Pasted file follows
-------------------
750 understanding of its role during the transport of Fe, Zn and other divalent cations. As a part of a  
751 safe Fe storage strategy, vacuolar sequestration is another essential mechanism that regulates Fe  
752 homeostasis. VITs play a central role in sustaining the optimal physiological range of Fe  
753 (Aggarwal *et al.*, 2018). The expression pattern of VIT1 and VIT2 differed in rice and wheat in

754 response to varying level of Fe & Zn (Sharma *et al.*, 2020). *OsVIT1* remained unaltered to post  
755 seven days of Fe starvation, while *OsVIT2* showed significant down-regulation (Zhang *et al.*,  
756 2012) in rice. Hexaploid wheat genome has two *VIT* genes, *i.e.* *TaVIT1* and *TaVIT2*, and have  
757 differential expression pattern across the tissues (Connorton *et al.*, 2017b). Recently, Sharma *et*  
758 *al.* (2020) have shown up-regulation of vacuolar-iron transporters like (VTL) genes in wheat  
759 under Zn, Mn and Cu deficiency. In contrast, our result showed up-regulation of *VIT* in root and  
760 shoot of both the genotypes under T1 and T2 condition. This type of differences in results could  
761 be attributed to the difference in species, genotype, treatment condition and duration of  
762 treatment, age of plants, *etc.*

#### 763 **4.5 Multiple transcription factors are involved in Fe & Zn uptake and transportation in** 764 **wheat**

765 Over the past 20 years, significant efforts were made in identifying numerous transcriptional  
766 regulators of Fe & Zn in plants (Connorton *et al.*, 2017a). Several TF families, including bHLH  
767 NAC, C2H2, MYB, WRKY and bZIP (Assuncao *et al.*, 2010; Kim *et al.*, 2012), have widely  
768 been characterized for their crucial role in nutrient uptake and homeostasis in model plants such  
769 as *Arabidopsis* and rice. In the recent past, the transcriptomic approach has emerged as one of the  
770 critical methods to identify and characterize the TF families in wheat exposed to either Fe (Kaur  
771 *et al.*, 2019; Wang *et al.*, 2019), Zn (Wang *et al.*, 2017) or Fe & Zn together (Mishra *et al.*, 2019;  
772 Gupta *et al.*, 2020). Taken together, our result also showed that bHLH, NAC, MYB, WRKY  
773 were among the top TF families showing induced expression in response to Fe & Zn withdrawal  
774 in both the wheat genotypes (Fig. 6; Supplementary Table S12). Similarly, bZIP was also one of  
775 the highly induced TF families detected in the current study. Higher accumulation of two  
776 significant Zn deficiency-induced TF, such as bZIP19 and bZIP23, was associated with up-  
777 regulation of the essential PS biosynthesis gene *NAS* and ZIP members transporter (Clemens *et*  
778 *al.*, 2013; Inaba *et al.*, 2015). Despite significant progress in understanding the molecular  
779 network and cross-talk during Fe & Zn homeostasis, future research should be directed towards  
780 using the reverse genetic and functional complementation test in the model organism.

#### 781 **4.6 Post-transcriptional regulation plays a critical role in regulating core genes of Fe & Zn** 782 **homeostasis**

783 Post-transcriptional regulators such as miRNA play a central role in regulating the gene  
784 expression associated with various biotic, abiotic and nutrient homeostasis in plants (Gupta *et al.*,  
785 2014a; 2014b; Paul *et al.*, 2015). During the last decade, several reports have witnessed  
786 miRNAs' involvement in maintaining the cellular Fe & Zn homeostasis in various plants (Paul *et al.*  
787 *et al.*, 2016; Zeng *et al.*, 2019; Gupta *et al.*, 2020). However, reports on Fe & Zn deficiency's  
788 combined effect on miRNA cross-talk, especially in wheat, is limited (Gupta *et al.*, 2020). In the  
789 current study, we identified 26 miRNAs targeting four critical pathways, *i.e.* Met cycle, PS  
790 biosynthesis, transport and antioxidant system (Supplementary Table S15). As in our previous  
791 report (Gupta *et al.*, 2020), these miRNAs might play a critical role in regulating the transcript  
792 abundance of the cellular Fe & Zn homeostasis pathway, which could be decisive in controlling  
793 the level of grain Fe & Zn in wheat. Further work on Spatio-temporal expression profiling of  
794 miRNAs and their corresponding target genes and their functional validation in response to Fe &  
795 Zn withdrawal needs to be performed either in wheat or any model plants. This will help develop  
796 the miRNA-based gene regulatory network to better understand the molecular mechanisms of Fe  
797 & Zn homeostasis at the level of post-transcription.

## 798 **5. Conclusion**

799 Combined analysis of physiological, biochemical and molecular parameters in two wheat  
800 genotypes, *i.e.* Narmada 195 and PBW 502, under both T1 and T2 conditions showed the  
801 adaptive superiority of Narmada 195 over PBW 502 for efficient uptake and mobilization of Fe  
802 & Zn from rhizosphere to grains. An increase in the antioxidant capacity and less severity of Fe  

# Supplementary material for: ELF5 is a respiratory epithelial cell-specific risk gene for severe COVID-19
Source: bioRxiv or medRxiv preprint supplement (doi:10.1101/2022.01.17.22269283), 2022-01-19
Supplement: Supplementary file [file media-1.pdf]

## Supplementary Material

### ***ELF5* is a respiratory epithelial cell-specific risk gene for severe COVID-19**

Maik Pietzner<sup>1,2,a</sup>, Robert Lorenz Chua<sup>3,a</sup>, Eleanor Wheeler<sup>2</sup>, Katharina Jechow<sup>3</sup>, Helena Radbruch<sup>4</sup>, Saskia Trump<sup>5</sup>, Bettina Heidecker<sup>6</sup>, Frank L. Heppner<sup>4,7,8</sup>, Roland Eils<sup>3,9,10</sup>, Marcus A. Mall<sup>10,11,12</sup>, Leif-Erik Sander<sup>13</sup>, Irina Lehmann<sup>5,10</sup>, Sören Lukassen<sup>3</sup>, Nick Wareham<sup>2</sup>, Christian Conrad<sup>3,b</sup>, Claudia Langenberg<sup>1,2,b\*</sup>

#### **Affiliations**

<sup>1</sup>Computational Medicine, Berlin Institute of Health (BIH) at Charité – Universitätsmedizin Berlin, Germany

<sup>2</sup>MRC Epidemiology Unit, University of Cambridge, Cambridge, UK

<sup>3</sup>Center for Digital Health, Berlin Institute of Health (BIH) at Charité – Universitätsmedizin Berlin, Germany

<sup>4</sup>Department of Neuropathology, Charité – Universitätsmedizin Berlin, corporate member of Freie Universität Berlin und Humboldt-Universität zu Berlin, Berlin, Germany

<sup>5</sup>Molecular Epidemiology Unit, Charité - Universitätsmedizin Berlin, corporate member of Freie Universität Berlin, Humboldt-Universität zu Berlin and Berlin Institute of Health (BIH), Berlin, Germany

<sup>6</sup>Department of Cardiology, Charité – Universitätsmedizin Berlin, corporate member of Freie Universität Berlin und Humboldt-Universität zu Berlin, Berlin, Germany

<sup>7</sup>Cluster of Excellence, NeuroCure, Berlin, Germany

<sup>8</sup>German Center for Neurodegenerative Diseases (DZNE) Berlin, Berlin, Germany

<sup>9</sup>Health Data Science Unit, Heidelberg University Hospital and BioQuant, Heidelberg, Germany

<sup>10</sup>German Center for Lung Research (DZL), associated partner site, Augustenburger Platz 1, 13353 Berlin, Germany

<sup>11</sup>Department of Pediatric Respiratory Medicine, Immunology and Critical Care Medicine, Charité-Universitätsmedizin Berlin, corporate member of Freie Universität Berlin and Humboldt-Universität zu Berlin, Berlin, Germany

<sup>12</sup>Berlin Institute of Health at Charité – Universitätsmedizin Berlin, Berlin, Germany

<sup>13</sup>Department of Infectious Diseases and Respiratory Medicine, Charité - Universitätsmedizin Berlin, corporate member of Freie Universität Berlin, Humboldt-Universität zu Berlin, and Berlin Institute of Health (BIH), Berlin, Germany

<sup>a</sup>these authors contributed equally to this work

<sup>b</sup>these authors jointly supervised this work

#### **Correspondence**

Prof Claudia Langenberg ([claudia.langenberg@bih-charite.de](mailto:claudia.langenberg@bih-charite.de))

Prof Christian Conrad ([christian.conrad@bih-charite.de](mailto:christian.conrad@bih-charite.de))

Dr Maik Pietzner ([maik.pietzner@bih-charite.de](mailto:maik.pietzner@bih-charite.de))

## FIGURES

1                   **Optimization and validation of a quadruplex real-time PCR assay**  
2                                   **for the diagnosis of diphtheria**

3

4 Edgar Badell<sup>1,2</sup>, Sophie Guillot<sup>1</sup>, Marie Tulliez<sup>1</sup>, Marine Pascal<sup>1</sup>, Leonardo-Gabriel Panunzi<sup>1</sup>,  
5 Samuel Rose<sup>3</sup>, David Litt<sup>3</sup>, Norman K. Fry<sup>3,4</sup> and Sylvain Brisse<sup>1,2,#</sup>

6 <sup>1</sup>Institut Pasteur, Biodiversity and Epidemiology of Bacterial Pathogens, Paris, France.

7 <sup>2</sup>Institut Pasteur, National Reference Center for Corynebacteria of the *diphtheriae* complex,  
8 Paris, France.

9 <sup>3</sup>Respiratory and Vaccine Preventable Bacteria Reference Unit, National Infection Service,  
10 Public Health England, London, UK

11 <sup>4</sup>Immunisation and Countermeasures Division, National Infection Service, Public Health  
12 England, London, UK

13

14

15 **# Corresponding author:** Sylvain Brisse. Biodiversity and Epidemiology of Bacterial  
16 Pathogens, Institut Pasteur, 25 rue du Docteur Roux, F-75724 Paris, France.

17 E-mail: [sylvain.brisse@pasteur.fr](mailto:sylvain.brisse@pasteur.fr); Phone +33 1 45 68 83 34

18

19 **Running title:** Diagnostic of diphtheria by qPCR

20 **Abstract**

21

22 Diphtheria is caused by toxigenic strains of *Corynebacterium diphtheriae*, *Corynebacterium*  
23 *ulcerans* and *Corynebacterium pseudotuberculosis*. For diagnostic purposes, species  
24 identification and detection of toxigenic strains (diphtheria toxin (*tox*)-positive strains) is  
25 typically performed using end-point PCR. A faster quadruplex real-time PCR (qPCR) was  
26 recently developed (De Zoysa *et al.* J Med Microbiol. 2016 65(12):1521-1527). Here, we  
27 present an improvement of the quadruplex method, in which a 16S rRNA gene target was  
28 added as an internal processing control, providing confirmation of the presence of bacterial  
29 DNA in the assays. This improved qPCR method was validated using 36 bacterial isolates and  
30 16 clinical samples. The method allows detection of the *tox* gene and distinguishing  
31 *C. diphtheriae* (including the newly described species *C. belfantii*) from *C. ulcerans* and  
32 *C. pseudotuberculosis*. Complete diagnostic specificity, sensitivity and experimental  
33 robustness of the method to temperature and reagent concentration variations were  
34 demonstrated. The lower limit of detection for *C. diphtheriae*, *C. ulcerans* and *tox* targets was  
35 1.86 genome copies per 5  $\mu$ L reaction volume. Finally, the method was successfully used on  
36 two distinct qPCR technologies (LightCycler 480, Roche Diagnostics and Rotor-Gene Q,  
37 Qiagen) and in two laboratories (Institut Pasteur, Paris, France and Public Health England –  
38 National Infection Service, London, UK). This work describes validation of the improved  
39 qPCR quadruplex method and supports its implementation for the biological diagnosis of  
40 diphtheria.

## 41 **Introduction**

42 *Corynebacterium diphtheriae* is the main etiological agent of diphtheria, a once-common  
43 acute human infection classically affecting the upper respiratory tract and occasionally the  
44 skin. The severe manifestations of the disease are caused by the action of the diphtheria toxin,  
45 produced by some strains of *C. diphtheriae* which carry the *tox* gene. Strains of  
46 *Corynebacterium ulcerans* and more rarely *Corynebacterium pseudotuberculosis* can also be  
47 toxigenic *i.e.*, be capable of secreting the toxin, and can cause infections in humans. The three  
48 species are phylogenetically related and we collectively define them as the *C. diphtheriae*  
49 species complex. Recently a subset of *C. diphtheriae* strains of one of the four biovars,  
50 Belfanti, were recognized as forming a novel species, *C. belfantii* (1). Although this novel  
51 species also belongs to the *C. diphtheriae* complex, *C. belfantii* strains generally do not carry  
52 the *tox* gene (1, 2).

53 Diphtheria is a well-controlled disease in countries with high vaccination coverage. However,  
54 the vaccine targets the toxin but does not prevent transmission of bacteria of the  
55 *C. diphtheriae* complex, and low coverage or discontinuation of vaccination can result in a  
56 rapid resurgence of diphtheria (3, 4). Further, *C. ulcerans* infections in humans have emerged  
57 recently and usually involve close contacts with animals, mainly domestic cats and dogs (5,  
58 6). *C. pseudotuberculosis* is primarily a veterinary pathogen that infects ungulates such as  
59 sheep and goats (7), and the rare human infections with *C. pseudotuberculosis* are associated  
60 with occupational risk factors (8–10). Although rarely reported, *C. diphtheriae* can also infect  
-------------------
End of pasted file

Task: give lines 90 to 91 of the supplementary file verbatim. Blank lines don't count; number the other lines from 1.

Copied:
12 England, London, UK

13